Eug

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Re: Lost Foam Casting: a Crankcase in Zinc Alloy
« Reply #46 on: August 11, 2014, 01:40:51 PM »
Eugene you can't use an AC light dimmer on the input of a regulated computer power supply!!!  Don't do it.

It can be used on an older transformer type AC or bridge rectified DC supply, like a "dumb" unregulated automotive battery charger. Or even on a transformer alone for AC output (as long as it's output is safely under say 25 volts or so.

However, The DC LED Dimmer can be used with your supply -- it is five dollars and change postpaid --or equivalent more or less in your money. It goes on the Output of your PS, not the input.

Andrew -- hot cutting wires can be run on either DC or AC as you probably have guessed -- just a resistance wire. A computer power supply is fine as long as it has enough current capability, and you do DC power adjustment on its output (not its input)



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Re: Lost Foam Casting: a Crankcase in Zinc Alloy
« Reply #47 on: August 11, 2014, 01:53:39 PM »
Steve, I don't think Eugene, and certainly I am not, suggesting that you use one of these devices on a DC power supply.

The suggestion is to use them on the mains feeding a low voltage transformer  (this is how the current is controlled on many welders of a certain vintage)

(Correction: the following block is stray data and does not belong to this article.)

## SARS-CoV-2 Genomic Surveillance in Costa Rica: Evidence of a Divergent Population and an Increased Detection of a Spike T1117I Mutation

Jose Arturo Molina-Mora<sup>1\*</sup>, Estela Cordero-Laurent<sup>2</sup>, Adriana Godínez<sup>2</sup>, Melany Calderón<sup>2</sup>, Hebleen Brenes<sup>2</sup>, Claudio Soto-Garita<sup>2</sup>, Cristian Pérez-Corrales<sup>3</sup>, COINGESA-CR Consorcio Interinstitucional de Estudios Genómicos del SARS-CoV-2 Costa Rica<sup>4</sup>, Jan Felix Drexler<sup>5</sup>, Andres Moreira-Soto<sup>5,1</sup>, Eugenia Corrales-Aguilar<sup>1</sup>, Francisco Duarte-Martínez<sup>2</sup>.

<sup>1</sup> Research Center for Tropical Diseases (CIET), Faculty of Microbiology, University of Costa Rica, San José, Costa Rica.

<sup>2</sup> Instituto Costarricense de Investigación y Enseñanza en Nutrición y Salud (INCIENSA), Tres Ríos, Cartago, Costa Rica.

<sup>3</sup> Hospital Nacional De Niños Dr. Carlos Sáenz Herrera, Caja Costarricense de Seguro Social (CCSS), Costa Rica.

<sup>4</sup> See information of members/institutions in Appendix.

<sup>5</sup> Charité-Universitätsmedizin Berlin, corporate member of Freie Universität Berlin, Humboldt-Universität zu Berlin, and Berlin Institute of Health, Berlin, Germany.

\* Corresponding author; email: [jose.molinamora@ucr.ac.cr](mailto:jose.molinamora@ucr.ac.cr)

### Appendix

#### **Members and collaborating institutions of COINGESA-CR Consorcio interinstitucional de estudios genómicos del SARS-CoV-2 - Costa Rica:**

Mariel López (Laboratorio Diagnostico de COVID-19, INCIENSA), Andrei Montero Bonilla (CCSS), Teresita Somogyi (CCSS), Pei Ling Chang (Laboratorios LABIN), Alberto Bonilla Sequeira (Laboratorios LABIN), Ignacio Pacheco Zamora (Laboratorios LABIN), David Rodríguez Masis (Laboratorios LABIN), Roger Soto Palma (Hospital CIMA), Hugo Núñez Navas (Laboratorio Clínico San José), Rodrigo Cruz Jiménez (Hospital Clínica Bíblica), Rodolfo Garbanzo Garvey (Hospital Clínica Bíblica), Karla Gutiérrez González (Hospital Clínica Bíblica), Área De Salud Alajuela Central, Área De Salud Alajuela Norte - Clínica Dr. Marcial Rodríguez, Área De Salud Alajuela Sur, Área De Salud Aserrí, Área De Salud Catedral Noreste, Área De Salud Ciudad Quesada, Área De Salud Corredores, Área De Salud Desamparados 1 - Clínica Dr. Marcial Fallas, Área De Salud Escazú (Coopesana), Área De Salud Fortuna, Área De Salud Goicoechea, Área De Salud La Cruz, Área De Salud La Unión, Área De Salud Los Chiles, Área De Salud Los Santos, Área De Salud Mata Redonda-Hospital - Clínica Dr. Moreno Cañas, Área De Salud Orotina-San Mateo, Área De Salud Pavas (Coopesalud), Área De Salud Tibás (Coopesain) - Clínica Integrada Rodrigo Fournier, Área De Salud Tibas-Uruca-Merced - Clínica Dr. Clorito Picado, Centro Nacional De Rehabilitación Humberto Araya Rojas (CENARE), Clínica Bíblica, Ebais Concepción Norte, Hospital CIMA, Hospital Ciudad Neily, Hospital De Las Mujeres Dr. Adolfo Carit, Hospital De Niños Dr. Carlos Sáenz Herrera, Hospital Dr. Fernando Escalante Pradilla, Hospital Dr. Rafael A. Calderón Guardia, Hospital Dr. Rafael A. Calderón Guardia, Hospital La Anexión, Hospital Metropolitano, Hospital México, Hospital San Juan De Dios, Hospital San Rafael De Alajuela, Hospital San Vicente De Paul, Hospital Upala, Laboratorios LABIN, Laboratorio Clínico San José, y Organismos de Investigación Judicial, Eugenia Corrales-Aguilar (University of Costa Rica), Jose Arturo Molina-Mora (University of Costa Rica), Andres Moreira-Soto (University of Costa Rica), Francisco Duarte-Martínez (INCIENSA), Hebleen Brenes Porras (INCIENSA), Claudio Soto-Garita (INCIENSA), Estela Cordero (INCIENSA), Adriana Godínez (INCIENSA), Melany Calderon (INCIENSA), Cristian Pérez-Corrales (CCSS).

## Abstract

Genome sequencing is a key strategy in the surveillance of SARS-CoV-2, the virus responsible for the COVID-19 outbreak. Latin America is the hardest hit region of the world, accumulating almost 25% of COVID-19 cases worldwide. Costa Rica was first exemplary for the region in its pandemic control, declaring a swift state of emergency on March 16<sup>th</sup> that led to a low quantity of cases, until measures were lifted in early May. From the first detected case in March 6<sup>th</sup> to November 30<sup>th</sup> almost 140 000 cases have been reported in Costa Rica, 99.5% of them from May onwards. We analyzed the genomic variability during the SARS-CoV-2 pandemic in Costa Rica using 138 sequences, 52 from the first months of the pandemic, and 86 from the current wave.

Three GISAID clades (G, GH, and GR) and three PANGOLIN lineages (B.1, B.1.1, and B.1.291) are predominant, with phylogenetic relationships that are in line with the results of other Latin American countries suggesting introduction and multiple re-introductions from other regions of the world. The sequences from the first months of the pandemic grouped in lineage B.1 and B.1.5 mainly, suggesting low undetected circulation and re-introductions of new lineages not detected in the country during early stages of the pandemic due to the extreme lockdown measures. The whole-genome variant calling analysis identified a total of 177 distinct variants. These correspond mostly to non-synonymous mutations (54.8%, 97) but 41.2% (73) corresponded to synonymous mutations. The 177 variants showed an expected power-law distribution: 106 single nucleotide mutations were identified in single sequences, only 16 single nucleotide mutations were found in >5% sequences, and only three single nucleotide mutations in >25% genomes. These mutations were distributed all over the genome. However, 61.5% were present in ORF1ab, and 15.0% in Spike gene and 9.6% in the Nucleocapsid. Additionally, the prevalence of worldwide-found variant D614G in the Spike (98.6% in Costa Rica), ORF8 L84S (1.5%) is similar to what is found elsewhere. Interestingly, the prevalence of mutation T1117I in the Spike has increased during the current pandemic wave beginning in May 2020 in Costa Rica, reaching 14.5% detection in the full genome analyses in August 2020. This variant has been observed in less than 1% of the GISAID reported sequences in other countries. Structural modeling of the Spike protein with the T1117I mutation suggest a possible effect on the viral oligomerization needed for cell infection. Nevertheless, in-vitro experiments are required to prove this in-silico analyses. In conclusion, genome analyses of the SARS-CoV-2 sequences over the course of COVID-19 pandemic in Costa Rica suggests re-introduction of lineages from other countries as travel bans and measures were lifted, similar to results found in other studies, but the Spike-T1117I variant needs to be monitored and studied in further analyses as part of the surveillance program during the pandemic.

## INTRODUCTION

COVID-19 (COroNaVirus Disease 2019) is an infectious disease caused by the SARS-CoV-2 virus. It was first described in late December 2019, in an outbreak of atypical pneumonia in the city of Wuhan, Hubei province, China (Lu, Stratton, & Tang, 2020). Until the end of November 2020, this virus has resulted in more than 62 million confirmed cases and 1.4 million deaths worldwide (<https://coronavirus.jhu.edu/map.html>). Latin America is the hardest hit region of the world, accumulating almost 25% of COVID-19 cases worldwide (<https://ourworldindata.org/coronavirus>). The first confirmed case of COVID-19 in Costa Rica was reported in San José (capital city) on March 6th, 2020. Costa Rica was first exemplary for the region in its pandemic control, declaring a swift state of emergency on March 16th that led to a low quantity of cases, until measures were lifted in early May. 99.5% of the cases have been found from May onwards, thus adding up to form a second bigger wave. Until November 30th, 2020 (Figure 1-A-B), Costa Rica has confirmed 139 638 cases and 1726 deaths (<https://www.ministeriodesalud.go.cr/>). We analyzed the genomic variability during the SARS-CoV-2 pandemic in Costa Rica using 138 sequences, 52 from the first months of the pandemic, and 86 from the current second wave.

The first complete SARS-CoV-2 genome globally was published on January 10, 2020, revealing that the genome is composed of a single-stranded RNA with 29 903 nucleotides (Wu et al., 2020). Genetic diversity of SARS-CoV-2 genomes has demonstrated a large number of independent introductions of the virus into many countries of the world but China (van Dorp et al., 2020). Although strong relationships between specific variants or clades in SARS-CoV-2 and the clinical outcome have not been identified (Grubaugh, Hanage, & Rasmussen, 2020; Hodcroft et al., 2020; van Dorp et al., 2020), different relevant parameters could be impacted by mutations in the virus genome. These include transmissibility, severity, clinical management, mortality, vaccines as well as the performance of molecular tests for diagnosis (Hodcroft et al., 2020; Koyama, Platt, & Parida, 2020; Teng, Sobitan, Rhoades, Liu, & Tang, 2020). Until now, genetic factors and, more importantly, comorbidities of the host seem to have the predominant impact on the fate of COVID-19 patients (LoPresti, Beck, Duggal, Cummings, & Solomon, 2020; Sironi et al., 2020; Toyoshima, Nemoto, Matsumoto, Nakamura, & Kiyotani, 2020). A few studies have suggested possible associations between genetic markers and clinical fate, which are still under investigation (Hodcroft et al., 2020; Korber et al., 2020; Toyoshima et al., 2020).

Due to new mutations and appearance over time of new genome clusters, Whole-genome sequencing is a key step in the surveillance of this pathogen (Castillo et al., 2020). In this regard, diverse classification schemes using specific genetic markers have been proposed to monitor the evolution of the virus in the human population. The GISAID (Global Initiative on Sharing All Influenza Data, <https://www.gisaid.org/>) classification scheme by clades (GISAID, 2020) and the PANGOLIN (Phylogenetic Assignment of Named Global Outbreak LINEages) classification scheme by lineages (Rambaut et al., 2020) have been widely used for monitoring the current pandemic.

Andrew Mawson
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Re: Lost Foam Casting: a Crankcase in Zinc Alloy
« Reply #48 on: August 11, 2014, 02:12:30 PM »
No I didn't think you were, Andrew, but I thought Eugene was considering it. Apologies if I misunderstood.

I've run all three for cutting wires:

A  25V transformer and dimmer on the AC side with 24V AC output to the wire
An old style auto battery charger with a router speed controller on the AC side with 12V DC output
A computer power supply with the 12V DC side feeding a DC LED light dimmer like the one I've shown.
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Re: Lost Foam Casting: a Crankcase in Zinc Alloy
« Reply #49 on: August 11, 2014, 08:38:08 PM »
This morning with the sun coming in low through a window it was possible to highlight the difference in surface finish and detail fidelity of the second casting and the third (last) one.

On the left we can see the zinc separated from the mold walls by layers of molten polystyrene. The drywall compound was not absorptive and the plastic stayed inside the mold.

On the right the you can see that the actual texture of the foam has been recorded and transferred to the metal. Polystyrene was pulled out of the mold by absorptive plaster of Paris allowing the metal to cool against the mold sides and record the very fine detail of the foam texture. And a blob of hot glue which was used to attach the sprue to the pattern is also preserved in perfect detail on the left

« Last Edit: January 13, 2018, 06:06:17 PM by vtsteam »
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Re: Lost Foam Casting: a Crankcase in Zinc Alloy
« Reply #50 on: August 12, 2014, 04:32:28 PM »
Steve, dozy beginners question ..... what gauge ally do you use? I don't have any to hand so I can buy whats best for the job, anything from .5 mm upwards.

Eug

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Re: Lost Foam Casting: a Crankcase in Zinc Alloy
« Reply #51 on: August 12, 2014, 08:19:50 PM »
Eugene the best aluminum for casting, in my opinion is scrap that was a casting itself. Try going to an engine re-build shop and asking if you can buy some pistons pulled out of old engines. They will likely sell them to you for a very small price.  They make very good material for casting.
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Re: Lost Foam Casting: a Crankcase in Zinc Alloy